Shropshire Council works to keep SM&AG open during the festive season so Shropshire families and their visitors can explore the county’s history and engage with the stories the collections tell.

Christmas opening hours

23 – 26 December 2019 – Closed
27 – 29 December 2019 – OPEN from 11am – 3pm
30 December 2019 – 1 January 2020 – Closed

SM&AG will be open as normal from 2 January 2020.

Lost Shrewsbury exhibition

‘Lost Shrewsbury’ was created in partnership with local author and historian, David Trumper, whose has authored a new book of the same title.

An image in black and white of C. R. Birch & Son which was founded in 1909 and features in David Trumper's latest book, Lost Shrewsbury.

C. R. Birch & Son was founded in 1909

The exhibition will share with visitors the unseen history of Shrewsbury and will take you on a fascinating trip through Shrewsbury’s rich history and heritage with images not seen before.

Lost Shrewsbury will feature 40 slides containing images from the book and will.  All slides will be captioned by David Trumper.

Paintings of the Shrewsbury landscape from SM&AG’s own collection will also feature in the exhibition. Pieces of art included will be a fine painting of the Old Welsh Bridge by Paul Sandby and a view of the English Bridge by C. W. Radclyffe.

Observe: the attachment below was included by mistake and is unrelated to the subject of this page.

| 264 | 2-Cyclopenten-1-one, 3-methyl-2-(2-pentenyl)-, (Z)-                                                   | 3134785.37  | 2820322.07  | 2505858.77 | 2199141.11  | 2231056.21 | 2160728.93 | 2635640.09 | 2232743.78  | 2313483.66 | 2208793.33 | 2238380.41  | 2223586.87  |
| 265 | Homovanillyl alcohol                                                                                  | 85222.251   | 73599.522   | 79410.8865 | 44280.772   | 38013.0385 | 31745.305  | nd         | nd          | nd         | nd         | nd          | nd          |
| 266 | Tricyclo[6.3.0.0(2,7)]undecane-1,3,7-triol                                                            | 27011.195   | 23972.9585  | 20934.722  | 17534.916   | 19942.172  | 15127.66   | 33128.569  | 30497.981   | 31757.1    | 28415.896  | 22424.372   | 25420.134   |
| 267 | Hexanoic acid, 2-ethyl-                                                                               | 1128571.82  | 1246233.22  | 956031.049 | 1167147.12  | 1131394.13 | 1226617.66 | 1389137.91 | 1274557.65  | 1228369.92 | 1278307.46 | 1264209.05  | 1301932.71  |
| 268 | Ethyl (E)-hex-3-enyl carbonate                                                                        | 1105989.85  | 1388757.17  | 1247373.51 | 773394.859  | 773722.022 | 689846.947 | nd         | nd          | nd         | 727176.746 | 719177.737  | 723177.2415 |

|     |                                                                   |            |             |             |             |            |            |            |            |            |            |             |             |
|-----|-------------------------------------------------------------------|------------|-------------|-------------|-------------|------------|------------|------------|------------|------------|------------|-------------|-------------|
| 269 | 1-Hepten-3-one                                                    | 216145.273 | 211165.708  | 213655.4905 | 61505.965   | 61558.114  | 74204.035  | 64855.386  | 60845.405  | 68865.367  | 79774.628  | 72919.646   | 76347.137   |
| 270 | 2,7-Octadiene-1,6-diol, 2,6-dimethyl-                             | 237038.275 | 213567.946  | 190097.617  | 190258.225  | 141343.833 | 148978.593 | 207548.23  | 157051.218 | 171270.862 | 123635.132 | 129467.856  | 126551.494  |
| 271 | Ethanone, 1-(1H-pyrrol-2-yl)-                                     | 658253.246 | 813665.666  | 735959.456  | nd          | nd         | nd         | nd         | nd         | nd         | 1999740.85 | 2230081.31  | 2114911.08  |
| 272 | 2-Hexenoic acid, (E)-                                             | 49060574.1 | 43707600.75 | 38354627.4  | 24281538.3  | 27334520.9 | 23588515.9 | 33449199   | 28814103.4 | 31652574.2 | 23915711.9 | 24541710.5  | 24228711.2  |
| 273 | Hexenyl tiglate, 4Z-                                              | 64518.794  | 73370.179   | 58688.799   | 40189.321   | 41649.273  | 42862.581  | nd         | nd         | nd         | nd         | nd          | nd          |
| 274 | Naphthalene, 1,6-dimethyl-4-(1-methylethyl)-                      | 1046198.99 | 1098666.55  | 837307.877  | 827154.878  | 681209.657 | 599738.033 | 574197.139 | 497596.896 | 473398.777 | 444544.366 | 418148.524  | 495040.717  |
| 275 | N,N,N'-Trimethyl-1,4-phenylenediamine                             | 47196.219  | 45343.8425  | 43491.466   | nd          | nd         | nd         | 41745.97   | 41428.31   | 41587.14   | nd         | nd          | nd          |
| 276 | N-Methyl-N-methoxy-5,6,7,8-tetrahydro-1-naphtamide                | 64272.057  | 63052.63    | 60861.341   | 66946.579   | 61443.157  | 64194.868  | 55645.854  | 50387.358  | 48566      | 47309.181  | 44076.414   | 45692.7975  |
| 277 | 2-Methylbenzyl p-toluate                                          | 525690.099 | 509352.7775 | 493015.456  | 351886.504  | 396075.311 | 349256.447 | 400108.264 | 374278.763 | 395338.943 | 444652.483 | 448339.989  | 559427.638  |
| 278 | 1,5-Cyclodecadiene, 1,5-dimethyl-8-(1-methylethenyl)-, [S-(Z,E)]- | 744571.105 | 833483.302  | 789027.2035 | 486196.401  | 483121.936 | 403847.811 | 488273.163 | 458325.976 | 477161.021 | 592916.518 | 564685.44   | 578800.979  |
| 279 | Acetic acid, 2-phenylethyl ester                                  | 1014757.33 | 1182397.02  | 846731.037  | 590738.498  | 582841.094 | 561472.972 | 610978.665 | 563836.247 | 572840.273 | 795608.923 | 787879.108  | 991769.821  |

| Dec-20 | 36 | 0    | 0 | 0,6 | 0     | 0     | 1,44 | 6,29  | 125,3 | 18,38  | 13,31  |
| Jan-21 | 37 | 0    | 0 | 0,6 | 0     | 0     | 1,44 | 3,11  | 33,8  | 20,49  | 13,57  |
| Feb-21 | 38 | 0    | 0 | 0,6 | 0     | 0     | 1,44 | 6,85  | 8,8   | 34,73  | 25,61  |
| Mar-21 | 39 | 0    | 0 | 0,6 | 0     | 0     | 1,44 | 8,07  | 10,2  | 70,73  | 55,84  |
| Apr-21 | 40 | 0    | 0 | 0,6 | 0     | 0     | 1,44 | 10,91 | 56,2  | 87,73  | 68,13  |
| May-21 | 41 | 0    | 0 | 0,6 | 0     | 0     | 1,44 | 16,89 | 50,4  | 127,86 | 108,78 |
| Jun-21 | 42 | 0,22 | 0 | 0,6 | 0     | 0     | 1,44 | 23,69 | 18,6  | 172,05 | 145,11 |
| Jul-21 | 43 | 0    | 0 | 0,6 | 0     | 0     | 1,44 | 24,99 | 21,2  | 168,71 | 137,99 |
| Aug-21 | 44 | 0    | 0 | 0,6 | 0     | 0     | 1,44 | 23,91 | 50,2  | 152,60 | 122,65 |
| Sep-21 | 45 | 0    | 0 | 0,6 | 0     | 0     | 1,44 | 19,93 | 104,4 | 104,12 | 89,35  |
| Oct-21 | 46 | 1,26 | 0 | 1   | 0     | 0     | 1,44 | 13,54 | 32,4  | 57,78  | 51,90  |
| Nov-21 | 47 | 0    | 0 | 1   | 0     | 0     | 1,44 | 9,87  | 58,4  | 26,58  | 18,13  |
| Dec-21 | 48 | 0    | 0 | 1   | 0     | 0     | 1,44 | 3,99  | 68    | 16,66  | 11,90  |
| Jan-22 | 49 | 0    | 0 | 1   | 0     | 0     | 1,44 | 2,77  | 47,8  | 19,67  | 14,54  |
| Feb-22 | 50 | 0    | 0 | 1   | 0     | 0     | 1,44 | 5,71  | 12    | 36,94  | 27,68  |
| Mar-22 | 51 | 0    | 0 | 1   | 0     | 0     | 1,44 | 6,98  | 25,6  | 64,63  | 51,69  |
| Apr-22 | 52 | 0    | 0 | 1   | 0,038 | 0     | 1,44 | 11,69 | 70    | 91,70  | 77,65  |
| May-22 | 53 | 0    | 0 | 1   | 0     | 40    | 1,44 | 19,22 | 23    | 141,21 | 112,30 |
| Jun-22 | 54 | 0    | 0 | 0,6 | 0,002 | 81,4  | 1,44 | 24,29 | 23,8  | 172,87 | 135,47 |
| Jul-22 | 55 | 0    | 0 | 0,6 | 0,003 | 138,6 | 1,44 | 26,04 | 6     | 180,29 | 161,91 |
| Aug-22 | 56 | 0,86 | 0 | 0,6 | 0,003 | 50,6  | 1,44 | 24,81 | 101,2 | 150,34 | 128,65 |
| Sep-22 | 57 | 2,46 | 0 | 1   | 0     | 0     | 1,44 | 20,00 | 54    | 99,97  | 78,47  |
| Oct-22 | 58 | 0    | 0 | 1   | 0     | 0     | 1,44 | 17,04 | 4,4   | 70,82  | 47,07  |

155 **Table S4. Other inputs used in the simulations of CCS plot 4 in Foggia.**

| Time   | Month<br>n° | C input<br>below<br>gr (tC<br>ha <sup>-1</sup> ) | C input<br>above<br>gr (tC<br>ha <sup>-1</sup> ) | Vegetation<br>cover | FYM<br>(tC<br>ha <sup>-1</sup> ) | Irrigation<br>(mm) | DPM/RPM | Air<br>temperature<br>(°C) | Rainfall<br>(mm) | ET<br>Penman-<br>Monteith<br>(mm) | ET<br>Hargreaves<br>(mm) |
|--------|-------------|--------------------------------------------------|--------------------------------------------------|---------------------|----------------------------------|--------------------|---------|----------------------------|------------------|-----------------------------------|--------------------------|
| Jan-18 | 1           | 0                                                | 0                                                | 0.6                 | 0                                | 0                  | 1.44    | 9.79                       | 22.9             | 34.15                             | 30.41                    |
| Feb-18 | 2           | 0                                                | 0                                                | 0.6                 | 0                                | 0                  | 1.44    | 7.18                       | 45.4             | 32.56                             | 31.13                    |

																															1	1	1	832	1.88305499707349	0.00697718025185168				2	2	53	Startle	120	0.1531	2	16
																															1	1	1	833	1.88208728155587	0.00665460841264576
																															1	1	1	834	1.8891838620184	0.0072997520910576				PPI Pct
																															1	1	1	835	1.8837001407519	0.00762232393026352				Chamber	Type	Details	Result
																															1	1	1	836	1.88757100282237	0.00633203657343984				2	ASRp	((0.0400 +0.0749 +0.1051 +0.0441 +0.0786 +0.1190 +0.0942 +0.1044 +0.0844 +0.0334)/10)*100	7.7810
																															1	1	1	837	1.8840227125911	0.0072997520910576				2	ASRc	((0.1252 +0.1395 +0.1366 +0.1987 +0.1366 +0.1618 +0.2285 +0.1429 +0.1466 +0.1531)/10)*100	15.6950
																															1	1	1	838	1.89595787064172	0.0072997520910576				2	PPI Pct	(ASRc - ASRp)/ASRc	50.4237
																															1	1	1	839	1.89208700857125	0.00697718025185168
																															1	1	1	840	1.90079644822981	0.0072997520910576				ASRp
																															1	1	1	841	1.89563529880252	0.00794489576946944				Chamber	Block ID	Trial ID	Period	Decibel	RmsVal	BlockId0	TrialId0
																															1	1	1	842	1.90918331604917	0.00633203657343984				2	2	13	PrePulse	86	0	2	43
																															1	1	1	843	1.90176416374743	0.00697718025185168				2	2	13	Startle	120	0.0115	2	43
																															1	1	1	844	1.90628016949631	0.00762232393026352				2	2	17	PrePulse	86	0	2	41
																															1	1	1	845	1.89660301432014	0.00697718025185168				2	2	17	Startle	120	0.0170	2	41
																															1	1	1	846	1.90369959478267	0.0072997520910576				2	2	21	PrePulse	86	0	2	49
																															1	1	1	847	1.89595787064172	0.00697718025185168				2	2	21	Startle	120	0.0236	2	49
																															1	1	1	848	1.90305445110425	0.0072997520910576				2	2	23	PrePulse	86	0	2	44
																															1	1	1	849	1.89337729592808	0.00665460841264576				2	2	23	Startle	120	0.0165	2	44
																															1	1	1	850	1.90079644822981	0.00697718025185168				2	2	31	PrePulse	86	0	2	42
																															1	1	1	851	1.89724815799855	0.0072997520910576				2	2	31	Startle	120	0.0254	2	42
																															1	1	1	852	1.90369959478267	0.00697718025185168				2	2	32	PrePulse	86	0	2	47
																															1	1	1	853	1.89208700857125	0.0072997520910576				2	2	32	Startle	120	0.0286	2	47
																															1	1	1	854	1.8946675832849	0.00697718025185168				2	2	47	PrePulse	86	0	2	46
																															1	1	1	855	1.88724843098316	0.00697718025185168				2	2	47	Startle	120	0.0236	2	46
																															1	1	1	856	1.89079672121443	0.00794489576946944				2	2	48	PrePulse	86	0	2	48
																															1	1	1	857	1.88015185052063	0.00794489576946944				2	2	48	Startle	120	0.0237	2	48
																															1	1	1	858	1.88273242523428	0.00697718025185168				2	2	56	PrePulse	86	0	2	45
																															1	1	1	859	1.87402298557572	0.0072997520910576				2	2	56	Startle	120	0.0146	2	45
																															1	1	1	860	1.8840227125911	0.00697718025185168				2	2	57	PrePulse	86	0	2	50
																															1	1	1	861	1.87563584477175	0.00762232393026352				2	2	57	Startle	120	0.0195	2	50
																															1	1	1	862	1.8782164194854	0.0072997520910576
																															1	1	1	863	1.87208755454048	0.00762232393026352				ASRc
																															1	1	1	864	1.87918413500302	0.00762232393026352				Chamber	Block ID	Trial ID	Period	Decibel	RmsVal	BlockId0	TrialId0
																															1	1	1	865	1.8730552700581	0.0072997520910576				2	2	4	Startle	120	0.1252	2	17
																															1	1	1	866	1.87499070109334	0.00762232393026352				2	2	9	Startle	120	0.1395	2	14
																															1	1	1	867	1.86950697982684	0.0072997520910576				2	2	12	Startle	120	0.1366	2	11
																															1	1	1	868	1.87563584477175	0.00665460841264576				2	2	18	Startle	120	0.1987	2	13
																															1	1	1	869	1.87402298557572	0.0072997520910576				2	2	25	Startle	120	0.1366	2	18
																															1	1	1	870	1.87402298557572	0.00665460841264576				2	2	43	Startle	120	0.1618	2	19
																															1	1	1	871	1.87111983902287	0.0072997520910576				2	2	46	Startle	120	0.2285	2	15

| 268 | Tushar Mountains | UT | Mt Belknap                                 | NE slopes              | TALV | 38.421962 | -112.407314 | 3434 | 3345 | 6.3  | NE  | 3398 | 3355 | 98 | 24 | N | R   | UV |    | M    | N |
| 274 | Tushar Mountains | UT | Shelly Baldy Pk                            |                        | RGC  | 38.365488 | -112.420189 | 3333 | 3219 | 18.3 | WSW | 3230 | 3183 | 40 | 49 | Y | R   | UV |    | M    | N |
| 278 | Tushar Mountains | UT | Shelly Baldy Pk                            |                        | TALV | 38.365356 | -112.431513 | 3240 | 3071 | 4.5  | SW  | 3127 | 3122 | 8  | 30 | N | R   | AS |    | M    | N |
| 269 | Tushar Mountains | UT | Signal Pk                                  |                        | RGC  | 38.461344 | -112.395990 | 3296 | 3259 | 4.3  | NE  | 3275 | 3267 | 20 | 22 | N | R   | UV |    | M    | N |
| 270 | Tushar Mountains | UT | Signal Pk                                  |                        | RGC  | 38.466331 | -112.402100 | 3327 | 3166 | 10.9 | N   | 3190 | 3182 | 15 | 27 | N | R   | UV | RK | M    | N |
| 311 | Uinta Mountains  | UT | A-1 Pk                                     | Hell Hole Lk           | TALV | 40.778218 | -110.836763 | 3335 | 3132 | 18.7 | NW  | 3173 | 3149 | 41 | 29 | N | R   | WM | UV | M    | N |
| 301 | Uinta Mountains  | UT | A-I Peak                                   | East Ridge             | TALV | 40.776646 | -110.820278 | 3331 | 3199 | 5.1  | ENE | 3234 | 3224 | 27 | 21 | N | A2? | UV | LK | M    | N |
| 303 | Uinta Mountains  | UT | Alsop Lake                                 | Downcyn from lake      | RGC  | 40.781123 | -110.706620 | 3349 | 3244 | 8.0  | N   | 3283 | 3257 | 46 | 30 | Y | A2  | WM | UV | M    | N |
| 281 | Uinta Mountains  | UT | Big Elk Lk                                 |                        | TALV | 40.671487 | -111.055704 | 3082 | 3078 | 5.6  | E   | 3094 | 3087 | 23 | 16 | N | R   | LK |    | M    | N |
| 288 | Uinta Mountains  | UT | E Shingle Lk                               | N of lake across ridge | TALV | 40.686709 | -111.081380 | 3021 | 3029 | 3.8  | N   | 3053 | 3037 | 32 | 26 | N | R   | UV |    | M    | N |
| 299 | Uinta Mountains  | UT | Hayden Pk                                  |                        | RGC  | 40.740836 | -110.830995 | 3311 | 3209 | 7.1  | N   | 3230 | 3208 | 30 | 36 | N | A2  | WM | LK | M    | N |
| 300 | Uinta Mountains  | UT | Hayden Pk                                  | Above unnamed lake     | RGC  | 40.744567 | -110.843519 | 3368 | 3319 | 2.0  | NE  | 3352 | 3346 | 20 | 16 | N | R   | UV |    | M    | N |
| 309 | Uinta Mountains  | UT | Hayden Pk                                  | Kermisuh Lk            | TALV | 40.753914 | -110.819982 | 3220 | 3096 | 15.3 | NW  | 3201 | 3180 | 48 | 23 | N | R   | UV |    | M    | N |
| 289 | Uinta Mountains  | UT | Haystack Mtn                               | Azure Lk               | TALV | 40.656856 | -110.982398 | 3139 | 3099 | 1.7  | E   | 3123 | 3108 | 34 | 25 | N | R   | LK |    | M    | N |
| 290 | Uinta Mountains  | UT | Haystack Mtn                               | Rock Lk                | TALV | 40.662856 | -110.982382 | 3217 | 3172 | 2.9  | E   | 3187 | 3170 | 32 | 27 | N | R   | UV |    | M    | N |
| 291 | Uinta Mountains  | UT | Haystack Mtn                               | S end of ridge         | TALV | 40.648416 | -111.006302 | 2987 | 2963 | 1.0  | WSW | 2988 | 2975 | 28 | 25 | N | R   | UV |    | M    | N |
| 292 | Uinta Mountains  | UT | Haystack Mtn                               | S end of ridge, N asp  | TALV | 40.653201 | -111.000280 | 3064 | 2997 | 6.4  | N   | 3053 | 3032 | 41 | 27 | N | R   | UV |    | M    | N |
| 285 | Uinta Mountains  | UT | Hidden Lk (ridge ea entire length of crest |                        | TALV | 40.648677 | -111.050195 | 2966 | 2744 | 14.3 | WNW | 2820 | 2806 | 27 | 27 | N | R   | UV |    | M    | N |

For more information about SM&AG’s opening hours, visit the website.

Shrewsbury Museum & Art Gallery is owned and operated by Shropshire Council.

Object of the month – December 2019 – Slave Ship Fetters

International Day for the Abolition of Slavery, which aims to raise awareness of the atrocities of modern slavery, falls at the start of December. Accordingly, we’ve selected these Slave Ship Fetters as our object of the month.

An image of slave ship fetters that are the object of the month at Shrewsbury Museum and Art Gallery in recognition of the International Day for the Abolition of Slavery.

Slave Ship Fetters